If the majority group has chosen to level morality charges against the minority, you will be open to them as well.  For gay rights, your sexuality and sexual behavior may be questioned.  You may be a “closeted gay”.  In racial conflicts, this used to lead to your ancestry being questioned – that you aren’t as “pure” as you thought.

Paradoxically, this criticism is often easier to take than the criticism from the minority group itself.  You are at least pointed in the right direction – you are taking fire from the front – from those that you have chosen to battle in your drive for equality for the minority group.  The attacks from the minority group will more often come from behind, forcing you to battle on both fronts at once (and stand sideways, apparently).

3.  You will be told that you “can’t understand” what the minority group is going through.

This is true.  You truly are unable to feel the day to day pain caused by attacks on you for what you are.  You might be part of one minority other than the one that you are speaking of, and in that case your pain is somewhat transferable.  If you are a member of more or less every majority – you truly are unable to feel the pain.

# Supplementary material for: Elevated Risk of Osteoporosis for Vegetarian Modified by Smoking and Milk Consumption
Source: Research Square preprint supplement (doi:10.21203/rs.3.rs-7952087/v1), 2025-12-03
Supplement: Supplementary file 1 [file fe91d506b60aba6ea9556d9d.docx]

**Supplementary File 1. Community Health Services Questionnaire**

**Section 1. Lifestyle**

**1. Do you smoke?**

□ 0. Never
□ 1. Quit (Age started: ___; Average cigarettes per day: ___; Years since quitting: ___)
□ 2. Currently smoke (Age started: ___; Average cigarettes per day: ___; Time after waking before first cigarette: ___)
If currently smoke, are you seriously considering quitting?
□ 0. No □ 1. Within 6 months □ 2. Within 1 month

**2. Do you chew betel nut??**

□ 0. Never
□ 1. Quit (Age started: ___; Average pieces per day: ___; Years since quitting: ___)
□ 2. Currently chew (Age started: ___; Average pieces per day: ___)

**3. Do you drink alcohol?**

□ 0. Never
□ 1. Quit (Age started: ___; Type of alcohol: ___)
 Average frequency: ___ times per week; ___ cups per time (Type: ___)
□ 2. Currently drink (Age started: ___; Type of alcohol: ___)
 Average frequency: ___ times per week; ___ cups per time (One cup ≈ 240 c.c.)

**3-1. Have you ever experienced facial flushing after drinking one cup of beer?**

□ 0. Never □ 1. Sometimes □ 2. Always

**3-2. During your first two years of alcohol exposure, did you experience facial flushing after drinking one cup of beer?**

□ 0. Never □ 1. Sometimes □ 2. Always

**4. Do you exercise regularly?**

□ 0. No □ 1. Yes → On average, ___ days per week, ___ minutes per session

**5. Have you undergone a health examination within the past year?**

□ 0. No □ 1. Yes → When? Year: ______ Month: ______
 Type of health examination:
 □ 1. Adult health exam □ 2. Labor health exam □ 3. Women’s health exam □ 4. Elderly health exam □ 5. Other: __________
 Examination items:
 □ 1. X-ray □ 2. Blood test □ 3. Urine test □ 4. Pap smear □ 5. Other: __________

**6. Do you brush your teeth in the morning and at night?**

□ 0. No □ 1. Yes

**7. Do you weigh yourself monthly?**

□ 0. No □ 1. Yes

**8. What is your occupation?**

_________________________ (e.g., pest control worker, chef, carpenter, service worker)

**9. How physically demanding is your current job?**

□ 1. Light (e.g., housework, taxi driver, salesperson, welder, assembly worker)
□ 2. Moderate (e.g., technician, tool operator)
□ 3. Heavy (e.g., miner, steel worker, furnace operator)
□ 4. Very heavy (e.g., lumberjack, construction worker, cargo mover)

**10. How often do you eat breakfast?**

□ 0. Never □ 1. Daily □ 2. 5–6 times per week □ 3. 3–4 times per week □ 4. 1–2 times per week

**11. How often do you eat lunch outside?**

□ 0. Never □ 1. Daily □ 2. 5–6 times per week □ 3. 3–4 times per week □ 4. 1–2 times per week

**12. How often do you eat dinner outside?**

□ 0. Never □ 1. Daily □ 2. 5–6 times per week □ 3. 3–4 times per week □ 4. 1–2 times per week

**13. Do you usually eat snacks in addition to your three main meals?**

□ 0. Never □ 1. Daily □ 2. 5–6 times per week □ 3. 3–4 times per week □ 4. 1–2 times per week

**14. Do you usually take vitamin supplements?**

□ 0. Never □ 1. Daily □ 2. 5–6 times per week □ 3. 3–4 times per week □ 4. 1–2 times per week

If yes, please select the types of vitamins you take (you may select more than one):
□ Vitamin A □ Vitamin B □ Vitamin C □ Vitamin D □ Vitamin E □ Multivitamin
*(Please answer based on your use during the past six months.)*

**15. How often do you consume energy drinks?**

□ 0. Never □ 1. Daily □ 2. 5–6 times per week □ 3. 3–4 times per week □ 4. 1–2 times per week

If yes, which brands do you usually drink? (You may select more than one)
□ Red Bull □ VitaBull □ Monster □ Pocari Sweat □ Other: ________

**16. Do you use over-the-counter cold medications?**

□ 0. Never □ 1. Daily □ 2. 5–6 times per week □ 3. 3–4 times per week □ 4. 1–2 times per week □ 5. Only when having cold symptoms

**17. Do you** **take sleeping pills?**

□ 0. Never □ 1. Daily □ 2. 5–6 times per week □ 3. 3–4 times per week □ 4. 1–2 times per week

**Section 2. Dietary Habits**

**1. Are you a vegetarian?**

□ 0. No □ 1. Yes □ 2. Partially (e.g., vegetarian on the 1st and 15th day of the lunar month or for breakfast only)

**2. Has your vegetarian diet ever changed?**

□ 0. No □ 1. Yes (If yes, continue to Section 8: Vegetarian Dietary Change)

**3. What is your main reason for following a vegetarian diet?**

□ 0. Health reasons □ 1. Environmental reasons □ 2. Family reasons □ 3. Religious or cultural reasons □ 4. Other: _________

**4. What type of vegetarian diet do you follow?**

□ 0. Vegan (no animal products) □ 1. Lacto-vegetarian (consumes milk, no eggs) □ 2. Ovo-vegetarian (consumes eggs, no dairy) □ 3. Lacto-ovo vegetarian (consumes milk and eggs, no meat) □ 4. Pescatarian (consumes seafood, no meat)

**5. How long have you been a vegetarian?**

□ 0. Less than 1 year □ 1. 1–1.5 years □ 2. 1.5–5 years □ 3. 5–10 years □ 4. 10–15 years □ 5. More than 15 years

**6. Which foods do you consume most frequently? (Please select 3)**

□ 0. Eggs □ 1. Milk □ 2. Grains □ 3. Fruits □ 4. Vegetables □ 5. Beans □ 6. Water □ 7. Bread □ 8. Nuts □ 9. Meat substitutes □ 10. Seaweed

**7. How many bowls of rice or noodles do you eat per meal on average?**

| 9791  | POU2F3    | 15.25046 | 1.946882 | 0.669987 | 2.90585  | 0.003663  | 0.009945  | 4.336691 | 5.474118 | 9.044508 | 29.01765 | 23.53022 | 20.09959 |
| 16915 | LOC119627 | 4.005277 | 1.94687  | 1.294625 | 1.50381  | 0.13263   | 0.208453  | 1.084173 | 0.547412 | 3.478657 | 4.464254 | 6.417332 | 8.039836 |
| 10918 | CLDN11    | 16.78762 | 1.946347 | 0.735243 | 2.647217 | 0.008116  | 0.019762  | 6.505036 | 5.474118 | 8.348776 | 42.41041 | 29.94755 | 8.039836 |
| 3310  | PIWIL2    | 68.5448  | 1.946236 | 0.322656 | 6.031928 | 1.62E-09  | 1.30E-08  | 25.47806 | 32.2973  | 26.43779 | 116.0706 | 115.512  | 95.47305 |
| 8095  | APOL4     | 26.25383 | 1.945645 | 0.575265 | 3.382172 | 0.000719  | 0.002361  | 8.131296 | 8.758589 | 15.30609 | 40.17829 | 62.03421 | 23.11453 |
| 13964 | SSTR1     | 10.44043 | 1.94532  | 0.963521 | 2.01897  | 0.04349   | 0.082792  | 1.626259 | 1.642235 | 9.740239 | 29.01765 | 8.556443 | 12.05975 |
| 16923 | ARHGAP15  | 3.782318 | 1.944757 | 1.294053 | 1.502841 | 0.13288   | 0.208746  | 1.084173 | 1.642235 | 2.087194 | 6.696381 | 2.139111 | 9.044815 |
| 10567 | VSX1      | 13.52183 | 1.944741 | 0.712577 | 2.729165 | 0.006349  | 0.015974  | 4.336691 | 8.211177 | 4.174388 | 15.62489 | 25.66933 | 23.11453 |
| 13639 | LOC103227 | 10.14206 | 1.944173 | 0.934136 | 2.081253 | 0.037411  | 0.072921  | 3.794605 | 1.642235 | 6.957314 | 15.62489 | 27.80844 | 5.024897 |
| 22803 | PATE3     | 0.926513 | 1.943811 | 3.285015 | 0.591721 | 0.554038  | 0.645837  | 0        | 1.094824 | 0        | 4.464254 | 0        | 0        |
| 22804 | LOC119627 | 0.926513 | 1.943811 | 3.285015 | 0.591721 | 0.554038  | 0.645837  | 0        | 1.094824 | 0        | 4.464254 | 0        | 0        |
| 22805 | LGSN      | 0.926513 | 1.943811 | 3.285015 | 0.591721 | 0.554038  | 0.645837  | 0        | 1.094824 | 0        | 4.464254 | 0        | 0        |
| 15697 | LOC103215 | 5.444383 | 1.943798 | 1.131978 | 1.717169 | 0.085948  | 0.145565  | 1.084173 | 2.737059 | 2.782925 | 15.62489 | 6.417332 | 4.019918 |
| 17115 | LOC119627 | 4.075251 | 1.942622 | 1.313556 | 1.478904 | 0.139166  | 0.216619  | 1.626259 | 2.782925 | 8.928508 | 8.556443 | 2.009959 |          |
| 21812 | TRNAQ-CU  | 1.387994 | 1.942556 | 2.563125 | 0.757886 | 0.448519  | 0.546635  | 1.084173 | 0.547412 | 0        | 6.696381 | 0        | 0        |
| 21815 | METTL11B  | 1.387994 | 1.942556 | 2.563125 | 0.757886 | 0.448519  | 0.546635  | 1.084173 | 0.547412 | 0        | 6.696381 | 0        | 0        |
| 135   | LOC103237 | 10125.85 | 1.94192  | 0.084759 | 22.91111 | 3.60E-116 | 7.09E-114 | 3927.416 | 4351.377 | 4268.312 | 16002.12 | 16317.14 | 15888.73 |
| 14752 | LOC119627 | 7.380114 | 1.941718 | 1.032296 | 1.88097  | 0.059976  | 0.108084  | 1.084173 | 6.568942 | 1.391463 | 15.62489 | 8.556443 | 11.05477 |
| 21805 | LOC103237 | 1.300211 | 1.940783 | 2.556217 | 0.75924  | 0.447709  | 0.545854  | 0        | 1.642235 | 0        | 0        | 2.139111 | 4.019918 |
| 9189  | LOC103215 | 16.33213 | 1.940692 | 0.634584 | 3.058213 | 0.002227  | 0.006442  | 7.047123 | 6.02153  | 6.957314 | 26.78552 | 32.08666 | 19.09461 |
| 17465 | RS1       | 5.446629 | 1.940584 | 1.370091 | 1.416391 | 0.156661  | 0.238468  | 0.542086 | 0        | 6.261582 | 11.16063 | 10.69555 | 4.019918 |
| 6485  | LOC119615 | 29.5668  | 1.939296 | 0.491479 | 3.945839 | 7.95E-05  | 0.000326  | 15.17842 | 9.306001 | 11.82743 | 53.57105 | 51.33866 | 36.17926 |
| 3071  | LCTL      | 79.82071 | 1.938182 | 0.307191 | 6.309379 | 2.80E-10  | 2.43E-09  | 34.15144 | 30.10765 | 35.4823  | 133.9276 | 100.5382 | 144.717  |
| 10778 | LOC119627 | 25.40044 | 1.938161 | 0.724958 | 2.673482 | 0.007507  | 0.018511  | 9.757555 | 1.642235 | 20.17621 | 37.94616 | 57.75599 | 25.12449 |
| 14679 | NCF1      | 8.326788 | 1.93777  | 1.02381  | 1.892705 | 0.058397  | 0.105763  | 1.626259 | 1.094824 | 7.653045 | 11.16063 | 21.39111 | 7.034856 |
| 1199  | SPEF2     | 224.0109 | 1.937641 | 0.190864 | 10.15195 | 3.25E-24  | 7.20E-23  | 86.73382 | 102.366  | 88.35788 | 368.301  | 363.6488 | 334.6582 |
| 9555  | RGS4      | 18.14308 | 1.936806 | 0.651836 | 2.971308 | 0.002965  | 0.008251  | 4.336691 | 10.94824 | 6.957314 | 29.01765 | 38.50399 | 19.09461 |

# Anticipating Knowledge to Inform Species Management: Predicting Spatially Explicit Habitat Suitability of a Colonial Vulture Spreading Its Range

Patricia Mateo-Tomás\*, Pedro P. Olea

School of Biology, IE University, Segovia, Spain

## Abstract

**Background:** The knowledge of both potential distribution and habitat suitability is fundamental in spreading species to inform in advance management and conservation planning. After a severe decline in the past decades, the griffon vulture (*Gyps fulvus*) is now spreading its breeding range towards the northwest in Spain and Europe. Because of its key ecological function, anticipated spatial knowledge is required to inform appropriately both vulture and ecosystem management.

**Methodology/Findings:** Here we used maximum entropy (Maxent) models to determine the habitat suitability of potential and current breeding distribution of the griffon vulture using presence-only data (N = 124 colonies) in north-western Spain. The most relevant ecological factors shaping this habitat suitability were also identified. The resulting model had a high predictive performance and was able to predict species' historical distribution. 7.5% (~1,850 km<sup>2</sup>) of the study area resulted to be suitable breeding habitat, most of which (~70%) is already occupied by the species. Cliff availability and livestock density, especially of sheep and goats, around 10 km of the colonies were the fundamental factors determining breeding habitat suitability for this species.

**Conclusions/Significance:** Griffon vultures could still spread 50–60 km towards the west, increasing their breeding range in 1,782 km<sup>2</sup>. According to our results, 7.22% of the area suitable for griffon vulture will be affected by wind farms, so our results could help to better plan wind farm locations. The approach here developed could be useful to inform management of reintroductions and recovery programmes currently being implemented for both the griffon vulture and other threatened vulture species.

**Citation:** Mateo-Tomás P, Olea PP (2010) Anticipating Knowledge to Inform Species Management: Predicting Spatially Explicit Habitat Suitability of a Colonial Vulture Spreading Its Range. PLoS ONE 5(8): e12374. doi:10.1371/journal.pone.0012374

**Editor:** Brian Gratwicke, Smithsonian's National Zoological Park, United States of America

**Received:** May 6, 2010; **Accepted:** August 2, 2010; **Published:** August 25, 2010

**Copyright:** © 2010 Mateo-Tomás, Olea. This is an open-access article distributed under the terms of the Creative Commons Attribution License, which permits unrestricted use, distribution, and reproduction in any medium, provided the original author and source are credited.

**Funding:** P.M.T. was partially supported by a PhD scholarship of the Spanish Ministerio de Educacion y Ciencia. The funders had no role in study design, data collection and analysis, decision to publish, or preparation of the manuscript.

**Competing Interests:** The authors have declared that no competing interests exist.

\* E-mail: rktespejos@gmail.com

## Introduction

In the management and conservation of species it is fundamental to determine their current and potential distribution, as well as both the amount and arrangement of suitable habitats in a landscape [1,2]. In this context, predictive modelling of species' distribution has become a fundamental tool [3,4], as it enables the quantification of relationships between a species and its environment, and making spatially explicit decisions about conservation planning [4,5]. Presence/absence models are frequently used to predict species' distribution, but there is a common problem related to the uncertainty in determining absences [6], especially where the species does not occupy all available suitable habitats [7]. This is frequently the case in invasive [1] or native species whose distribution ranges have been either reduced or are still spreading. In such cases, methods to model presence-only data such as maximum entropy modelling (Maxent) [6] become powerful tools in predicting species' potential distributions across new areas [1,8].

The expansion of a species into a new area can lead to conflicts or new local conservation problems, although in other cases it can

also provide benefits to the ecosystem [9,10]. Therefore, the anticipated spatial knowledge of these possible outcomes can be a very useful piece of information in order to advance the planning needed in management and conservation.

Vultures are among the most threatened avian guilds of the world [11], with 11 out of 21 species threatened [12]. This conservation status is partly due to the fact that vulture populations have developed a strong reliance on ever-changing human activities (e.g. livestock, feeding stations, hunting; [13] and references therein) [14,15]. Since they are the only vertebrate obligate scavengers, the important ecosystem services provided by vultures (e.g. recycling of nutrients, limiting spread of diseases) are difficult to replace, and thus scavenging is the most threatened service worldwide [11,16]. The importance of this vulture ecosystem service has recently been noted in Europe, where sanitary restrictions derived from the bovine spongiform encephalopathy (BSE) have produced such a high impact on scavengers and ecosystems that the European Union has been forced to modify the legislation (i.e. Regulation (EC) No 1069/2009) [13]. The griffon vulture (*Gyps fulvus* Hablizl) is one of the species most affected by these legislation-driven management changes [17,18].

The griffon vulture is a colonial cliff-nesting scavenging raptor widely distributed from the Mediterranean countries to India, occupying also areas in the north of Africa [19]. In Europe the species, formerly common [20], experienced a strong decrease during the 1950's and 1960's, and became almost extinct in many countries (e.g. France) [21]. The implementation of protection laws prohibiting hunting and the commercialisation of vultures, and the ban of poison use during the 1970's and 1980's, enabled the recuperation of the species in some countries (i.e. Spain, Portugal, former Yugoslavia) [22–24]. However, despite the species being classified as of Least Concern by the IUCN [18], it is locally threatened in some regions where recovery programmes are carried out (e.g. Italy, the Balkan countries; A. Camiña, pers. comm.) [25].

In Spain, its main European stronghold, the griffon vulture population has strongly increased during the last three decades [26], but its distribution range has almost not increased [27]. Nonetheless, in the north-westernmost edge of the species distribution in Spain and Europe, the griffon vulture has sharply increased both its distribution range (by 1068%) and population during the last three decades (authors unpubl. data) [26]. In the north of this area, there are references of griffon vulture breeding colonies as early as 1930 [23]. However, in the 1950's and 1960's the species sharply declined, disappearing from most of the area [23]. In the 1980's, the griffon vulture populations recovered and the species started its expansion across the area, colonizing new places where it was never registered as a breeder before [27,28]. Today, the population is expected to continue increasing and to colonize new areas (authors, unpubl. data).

HOWEVER, you obviously have a reason to be battling on behalf of the minority.  You are expending energy and feeling pain (and joy sometimes) as you work for the cause.  These emotions may pale in comparison to what a member of the minority is going through, but you feel them nonetheless.

You are lucky in that you have an escape route – you can simply stop working on behalf of the minority.  It’s easy to melt back into the passive center of your majority group.  However, this too comes at a cost.  In order to stop the pain from your work on behalf of the minority, you must feel a different kind of pain caused by your decision to ignore your ethics and morals.  In order to avoid the pain caused by this work, you cause yourself new pain by not being true to yourself (and in some cases, not being true to your religious beliefs).  For those altruistic enough to try to help people without helping themselves in the process, turning your back is actually painful – an self-inflicted assault on your soul.

So what do you do?

Majority people helping a minority – remember that you truly cannot feel the pain of the minority.  Remember that you are working with wounded people – people who are under attack for being what God made them.  They will sometimes react illogically to you and to themselves.  Be sensitive, and try to learn as much as you can.  Avoid hot buttons.